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“Step forward from the top of a hundred-foot pole.”

In this essay, Katagiri then gives us the following koan:

A monk once asked his master, “What is the essence of Buddhism?” The master said, “Step forward from the top of a hundred-foot pole.”

Get it? Of course not. That’s Zen for you. You don’t get it by getting it. And if you try, you lose. You can fly, if you want to. But if you want to, you can’t do it. Then,

“What is this silence? How can I speak of it? Do I just keep my mouth shut?”

No, says the master:

Silence — Buddha nature— is not something apart from your life. It compels you to speak. That is why the Zen master had to speak. He had to say something. He had to speak from that silence — from Buddha-nature.

We here have the paradox (yet another paradox!) of a religion that values silence — after all, that is what meditation is all about; but, at the same time, someone has to speak up. You have to say something. That “you” is, presumably, Katagiri, telling us the essence of Zen. To wit, greed, hatred and ignorance run us, lead to misery. Everything changes. You and I are already Buddhas. When we become enlightened, the whole world will be enlightened but, unfortunately, we see ourideas of things, not the thing itself.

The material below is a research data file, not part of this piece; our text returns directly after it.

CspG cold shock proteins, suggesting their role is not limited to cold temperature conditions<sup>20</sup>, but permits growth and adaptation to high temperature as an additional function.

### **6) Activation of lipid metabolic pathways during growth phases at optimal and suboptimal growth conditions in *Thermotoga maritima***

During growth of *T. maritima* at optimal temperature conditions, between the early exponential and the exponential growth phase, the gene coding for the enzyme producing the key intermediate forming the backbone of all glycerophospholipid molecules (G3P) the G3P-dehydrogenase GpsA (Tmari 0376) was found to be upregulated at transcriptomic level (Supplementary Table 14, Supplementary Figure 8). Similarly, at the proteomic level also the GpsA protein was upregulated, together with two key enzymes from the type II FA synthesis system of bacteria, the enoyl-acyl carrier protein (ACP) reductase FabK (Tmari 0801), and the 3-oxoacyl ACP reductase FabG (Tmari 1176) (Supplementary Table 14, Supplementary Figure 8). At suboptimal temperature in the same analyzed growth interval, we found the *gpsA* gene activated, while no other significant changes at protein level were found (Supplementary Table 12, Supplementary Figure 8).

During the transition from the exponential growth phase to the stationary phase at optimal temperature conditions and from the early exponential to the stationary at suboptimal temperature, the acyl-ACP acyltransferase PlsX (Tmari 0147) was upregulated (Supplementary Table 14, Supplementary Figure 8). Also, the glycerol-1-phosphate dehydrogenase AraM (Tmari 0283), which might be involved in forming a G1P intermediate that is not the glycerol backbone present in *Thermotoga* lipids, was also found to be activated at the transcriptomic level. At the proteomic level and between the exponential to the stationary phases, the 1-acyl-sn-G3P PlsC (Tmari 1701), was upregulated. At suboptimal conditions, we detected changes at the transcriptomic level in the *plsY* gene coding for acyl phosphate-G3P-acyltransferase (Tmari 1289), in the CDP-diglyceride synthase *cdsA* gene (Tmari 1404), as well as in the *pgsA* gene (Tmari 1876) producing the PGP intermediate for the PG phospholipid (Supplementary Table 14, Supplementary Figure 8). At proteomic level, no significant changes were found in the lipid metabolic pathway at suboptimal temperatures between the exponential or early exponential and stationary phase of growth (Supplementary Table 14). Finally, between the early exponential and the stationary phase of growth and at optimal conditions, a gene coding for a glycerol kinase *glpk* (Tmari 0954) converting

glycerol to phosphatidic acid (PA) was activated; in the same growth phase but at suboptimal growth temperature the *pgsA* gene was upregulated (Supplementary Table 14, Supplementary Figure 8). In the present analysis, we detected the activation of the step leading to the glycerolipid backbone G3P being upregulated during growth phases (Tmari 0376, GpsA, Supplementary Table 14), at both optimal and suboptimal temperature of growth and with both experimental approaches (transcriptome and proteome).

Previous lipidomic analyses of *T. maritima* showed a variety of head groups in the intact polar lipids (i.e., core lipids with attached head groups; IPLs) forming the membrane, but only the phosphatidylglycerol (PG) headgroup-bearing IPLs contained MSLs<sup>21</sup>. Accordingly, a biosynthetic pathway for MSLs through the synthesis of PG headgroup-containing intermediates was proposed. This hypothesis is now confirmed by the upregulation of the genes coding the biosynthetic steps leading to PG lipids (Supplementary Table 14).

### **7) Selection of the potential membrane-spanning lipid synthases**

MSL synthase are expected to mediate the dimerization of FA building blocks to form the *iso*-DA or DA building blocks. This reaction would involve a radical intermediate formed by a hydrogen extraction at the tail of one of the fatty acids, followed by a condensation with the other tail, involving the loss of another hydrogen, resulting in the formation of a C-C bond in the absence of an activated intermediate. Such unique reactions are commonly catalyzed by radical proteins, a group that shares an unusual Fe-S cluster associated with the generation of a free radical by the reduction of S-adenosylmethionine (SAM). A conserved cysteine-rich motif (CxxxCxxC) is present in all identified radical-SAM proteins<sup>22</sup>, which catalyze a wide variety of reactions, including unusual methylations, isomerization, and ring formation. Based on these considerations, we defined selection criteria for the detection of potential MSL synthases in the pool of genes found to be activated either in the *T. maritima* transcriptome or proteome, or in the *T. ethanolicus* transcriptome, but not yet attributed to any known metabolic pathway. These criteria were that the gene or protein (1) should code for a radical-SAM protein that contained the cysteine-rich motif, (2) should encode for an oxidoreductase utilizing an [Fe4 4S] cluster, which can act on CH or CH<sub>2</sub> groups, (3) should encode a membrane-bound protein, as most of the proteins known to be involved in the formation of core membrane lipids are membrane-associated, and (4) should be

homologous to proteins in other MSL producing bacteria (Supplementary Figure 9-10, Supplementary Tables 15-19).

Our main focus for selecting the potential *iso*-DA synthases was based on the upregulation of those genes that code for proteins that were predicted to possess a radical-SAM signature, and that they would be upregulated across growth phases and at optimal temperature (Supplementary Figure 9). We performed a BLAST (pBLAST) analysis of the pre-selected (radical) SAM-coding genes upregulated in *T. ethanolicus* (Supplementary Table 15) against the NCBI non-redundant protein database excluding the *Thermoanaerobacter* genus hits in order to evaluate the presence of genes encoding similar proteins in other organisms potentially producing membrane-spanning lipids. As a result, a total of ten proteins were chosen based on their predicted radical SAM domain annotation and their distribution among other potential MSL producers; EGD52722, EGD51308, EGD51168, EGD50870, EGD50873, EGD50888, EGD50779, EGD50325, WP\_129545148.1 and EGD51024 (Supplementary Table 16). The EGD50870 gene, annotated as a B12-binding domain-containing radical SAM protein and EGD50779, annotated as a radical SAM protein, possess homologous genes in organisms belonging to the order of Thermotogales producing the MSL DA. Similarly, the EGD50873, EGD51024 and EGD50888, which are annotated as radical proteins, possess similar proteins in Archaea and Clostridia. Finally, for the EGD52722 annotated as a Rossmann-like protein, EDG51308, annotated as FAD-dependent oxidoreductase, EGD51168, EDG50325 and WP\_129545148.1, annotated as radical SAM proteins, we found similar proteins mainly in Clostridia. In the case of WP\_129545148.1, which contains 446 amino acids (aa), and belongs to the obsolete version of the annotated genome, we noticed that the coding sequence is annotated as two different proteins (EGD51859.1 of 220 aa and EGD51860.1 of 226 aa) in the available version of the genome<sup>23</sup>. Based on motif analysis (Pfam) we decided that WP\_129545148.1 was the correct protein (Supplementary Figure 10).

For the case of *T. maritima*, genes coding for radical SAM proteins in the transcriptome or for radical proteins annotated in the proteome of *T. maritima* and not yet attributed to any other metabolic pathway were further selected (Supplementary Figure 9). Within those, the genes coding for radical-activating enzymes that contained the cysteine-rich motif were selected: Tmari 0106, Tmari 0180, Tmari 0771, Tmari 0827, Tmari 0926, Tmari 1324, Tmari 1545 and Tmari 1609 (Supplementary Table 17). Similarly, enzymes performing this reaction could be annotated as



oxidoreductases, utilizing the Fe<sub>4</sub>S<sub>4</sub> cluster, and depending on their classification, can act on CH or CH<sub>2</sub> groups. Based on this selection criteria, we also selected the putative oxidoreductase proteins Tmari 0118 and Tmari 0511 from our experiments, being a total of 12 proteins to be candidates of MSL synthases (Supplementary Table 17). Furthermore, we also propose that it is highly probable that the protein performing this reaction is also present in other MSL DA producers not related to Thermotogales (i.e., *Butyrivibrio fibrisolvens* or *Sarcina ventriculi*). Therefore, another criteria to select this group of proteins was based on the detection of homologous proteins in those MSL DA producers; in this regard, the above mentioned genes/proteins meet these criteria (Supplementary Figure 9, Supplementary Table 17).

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These are the commonalties of Zen, and if one is trying to pick up on the paradoxes of the religion, I guess You Have to Say Something will do. For those who like a little more pickleweed in our Buddhism will find Karagiri very pedestrian. His words are simple, and his teachings are either commonplaces, or baffling:

In Buddhism the Sanskrit term Dharma has three meanings: the ultimate principle of existence, the phenomena of experience, and the teaching about the nature of things. These three meanings work together.

Unh…well, OK. When he becomes specific — on death, for instance — he makes more sense. The dying, he tells us,

reach a stage where they completely give up. They realize that there is no solution and there is nothing to grasp. Within the realm of resignation, their consciousness still vibrates minutely with deep human suffering….While facing his own death, a Zen master was asked about it by his students. He said, “I don’t want to die.” The students didn’t expect such an answer. They believed that their teacher was a great Zen master. They thought a Zen master should say, “I’m happy to die.”

Katagiri died in 1990.

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